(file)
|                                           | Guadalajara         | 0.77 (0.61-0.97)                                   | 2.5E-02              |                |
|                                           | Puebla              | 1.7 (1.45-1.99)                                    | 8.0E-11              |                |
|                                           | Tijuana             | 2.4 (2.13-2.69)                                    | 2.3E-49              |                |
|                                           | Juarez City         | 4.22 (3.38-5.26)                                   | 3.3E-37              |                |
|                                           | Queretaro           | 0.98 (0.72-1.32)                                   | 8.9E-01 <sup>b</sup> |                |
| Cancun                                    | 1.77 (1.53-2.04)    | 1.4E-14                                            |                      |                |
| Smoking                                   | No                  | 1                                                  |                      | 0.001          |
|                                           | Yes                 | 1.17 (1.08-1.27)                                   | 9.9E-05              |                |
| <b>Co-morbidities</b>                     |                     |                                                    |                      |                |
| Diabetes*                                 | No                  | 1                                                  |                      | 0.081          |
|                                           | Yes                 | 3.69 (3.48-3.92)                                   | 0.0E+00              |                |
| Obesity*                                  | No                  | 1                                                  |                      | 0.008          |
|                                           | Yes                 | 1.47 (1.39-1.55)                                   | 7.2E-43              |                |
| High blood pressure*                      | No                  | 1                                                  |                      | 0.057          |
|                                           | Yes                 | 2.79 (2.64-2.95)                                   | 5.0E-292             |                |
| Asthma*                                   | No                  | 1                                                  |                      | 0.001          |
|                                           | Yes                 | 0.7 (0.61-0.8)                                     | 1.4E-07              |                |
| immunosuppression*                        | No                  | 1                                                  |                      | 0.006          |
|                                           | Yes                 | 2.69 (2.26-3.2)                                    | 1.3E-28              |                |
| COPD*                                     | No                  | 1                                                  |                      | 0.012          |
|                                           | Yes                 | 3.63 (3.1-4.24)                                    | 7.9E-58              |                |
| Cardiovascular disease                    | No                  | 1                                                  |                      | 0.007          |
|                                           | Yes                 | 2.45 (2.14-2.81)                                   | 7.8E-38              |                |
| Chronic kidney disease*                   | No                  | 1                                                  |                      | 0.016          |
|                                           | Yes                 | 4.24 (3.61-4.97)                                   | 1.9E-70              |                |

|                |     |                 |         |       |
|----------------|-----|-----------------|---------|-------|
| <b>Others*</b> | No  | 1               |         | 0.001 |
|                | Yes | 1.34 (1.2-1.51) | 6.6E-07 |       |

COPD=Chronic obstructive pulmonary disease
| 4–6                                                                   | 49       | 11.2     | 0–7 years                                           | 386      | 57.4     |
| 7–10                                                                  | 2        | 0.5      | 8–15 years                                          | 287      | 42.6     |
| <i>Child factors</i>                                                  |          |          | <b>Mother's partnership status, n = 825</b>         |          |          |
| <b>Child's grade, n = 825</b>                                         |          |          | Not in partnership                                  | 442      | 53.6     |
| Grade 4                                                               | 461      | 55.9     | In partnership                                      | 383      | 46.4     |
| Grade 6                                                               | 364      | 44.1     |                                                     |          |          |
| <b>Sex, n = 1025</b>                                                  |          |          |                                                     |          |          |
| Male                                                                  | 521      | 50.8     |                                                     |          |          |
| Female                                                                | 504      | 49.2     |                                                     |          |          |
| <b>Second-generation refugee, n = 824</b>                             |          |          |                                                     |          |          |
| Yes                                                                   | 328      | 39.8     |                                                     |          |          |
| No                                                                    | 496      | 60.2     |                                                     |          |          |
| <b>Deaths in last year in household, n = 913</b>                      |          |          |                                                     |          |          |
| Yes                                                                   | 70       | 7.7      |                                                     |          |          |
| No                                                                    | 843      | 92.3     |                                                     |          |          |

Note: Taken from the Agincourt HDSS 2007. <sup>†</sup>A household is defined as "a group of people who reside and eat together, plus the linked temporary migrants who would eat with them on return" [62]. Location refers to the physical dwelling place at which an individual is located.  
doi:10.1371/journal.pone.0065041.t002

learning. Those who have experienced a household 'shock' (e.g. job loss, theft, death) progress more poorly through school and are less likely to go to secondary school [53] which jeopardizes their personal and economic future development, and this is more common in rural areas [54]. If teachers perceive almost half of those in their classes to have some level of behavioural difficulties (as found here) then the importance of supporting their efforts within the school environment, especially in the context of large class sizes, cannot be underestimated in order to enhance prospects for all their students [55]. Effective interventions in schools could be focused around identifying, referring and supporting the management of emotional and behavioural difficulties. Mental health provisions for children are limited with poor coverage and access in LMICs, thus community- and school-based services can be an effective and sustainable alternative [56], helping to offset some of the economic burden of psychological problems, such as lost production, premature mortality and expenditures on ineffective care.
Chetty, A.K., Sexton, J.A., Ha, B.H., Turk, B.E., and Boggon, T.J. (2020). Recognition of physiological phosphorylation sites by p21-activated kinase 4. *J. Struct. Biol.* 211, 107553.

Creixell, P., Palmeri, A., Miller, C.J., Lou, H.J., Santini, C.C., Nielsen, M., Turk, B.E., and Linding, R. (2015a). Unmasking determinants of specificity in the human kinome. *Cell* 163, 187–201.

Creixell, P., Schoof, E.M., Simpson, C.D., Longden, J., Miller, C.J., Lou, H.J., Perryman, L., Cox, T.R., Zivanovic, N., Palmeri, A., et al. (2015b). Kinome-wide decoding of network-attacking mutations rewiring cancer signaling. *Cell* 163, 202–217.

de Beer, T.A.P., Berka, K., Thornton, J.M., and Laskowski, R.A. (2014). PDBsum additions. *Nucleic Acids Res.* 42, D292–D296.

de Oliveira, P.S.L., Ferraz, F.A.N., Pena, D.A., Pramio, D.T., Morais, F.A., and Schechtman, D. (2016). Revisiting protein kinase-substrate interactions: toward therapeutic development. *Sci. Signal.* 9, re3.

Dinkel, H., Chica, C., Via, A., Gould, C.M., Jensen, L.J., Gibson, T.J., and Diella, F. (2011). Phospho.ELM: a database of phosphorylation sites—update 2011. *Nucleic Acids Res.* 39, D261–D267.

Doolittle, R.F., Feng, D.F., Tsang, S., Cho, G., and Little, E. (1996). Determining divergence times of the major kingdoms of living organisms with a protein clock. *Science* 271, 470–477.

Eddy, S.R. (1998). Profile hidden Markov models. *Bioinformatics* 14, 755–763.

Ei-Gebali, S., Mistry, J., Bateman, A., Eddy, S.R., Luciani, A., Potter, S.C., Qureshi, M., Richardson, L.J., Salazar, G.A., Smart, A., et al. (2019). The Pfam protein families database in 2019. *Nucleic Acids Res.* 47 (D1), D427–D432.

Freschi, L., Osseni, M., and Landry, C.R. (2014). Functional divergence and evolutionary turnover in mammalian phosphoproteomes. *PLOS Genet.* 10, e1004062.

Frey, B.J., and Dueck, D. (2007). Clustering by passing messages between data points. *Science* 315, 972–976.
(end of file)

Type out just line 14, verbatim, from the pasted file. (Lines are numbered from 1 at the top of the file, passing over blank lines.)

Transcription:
| High blood pressure*                      | No                  | 1                                                  |                      | 0.057          |